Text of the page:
Lockdown has seen an increase in marijuana use as many have been left Brits stressed, and depressed, turning to the drug as self-medication.
Lockdown has led to massive demand in cannabisas many are left stressed and jobless, raising concerns that a mental health crisis is well underway.
28% rise in possession offences
A rise in anxiety, stress and depression has lead to an increase in marijuana consumption amongst Brits. County lines gangs have now been flooding areas with cannabis after lockdown caused a drop in demand for ‘party drugs.’
Advice service Release also conducted a survey amongst adult users which showed that 7 out of 10 purchases made since lockdown began has been for weed. Marijuana users have also admitted to taking the substance more, while police have seen possession charges ramp up by 28%. Police and Crime Commissioner, Hardyal Dhindsa who is taking the lead on UK’s alcohol and substance misuse explained:
People used to a buzz or enjoyment in their life will want another now it’s stopped. We are in lockdown. Humans are social animals. All of this is going to lead to people being more likely to consume cannabis.
Back in 2020, Scotland also saw a similar pattern of behaviour as their first lockdown. In May last year, an Edinburgh based charity called Crew 2000, surveyed hundreds of recreational drug users and had found that use had increased by about 50% compared to before the lockdown, with one of the main culprits being marijuana. Crew 2000’s Kira Weir stated:
A lot of that was to do with boredom. For example, with cannabis, people say they're smoking more because they had more time on their hands, and actually, they saw it as a way to de-stress; they saw it as some 'me time.’
A clear sign of mental health problems on the rise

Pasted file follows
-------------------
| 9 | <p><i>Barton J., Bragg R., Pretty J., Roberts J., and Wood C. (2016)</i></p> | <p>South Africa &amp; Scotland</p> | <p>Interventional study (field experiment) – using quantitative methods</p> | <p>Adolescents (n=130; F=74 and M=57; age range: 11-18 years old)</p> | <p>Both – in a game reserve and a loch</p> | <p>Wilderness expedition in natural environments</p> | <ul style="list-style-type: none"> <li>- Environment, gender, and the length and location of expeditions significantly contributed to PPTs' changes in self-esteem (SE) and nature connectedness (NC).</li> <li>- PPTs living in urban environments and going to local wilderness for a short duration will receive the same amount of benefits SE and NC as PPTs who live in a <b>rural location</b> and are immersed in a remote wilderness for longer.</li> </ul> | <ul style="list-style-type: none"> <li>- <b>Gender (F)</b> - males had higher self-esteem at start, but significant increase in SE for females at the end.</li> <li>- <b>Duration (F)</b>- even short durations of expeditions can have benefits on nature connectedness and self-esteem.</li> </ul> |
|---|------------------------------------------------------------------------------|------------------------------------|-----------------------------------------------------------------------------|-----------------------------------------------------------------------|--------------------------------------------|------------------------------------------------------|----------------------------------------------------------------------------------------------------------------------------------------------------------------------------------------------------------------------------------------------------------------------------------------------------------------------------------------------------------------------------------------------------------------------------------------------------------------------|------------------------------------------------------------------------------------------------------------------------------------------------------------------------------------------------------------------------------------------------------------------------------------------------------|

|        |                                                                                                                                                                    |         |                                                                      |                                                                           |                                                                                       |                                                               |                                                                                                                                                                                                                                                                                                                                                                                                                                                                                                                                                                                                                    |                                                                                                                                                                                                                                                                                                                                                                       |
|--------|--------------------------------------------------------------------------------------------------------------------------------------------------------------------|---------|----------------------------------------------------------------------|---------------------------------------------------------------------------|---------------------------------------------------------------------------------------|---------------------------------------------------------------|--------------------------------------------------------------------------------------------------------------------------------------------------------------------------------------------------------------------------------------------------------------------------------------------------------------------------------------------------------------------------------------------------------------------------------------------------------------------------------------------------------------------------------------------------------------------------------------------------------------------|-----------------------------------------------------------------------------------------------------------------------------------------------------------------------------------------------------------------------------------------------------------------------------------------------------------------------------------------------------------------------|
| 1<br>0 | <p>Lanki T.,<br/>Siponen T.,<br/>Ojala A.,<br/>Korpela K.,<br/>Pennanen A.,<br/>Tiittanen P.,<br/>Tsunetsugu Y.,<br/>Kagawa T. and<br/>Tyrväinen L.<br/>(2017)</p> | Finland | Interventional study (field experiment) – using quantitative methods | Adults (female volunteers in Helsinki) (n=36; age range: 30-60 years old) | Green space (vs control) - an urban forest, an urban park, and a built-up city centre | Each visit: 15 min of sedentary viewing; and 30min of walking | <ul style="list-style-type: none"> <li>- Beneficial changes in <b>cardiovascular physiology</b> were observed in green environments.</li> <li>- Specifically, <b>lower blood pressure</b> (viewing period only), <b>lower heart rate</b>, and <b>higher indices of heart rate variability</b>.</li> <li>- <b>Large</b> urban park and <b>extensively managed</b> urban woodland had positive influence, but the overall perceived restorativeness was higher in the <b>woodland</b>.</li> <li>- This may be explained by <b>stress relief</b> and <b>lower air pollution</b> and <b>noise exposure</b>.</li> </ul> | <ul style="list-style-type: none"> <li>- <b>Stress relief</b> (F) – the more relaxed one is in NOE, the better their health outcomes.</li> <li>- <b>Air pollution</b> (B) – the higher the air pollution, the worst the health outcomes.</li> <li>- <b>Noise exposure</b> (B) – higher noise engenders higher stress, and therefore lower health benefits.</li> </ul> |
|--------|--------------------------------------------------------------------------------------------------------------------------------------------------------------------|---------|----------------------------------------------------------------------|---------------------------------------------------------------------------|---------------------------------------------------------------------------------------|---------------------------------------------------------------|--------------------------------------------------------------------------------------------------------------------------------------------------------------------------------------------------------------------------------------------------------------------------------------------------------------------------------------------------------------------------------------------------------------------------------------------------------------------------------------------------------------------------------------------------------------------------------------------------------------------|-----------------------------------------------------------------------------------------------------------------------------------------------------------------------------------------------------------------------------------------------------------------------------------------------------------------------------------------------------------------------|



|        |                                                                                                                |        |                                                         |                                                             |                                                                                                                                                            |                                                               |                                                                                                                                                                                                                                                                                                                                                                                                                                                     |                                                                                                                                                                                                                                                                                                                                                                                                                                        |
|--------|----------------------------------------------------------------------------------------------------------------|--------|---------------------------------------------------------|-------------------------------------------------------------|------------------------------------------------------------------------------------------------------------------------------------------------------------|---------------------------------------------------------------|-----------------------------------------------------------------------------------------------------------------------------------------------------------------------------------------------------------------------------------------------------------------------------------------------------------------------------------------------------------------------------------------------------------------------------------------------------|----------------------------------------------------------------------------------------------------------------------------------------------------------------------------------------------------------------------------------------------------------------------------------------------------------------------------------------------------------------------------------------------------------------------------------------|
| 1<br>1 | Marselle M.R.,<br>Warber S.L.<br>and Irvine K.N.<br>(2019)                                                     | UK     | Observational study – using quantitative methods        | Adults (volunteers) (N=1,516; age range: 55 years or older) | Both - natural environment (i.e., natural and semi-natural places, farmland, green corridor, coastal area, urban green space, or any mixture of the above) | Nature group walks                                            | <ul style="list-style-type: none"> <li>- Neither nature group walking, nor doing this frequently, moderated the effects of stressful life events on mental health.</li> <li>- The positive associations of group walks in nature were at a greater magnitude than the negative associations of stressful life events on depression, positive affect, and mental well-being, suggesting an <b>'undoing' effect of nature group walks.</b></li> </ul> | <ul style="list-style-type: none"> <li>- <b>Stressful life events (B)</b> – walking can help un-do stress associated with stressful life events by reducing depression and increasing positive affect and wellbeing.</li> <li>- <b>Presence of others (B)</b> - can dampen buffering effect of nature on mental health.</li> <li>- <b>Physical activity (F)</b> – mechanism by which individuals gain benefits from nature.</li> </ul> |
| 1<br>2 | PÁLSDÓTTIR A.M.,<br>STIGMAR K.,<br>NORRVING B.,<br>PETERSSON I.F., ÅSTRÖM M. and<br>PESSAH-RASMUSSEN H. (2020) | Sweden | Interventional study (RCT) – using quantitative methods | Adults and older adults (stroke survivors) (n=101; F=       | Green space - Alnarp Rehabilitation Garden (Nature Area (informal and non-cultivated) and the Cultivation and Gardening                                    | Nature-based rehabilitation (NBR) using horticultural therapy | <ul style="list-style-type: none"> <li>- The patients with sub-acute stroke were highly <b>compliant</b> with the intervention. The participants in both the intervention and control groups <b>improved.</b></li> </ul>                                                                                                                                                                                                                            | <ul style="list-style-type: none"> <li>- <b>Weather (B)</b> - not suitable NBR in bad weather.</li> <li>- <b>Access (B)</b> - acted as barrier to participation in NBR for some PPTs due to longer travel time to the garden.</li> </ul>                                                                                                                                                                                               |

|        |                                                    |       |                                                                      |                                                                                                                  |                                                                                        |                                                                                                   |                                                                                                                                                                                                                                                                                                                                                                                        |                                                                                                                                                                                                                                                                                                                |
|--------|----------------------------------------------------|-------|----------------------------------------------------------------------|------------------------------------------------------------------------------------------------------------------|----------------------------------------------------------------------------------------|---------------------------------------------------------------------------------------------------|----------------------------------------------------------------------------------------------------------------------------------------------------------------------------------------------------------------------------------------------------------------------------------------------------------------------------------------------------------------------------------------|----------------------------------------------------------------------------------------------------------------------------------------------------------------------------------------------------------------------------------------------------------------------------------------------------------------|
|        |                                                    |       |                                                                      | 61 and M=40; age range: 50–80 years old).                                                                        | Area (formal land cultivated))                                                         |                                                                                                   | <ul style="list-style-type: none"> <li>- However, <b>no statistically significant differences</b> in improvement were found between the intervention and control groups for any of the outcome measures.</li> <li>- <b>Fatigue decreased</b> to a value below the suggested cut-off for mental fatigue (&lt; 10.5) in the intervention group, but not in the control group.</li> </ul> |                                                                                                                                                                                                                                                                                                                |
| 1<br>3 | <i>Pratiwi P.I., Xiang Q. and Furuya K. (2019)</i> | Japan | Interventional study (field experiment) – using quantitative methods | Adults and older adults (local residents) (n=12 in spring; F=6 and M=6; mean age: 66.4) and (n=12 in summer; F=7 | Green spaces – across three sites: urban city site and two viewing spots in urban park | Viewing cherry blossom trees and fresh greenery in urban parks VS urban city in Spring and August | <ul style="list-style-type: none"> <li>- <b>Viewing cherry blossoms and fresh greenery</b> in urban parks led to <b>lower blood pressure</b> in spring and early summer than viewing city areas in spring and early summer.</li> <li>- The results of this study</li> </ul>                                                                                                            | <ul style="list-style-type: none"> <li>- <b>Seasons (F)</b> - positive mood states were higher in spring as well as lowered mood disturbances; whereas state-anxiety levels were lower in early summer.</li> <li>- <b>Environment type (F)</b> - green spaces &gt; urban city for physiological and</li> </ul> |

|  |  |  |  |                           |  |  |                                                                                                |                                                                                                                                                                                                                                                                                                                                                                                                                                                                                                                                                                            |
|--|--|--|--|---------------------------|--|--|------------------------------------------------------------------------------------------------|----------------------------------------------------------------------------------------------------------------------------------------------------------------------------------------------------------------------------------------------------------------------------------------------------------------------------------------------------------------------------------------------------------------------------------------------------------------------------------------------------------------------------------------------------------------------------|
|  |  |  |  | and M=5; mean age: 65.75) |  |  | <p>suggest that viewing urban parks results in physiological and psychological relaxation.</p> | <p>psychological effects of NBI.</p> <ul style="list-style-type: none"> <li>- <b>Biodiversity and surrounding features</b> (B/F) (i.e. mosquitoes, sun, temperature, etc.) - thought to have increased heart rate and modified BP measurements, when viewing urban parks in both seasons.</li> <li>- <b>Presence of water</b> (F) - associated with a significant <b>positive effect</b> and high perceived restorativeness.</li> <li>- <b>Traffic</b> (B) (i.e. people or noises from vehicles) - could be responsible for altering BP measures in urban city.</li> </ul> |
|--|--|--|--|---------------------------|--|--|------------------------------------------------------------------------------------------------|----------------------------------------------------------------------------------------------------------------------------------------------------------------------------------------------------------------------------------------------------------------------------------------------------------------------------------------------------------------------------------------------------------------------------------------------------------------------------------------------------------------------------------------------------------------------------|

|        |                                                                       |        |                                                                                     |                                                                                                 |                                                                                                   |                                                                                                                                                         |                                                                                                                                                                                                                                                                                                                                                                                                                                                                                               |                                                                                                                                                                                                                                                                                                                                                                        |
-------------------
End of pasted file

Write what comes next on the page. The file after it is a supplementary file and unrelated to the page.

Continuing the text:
While some may have increased their marijuana intake due to boredom, others have used the drug as a way to self medicate. Weir continued to explain that many were experiencing mental health problems and feelings of loneliness and isolation:
Other people mentioned that it was because of isolation, because they've lost their other support networks, and for some people they saw it as a coping mechanism.
Last year Dr Adrian James, the president of the Royal College of Psychiatrists dubbed 2020 as the ‘worst year for mental health since World War Two.' This is because lockdowns of varying degrees have left people all over the UK with anxiety, stress, job loss, a loss of support systems and socialisation, and even the loss of loved ones due to coronavirus. This situation has been a breeding ground for mental health problems and even led to a 15% increase in urgent referrals from March-July in 2020.
If you find yourself suffering from any mental health problems whether it is due to coronavirus related circumstances or otherwise, there is never any shame in seeking professional advice either in person or through a virtual therapist appointment. Mental health Charity Samaritans are also available at any time, day or night at 116 123.
Alternatively, if you find yourself growing concerned about your drug use during the lockdown, confidential help and advice are always available through We Are With You.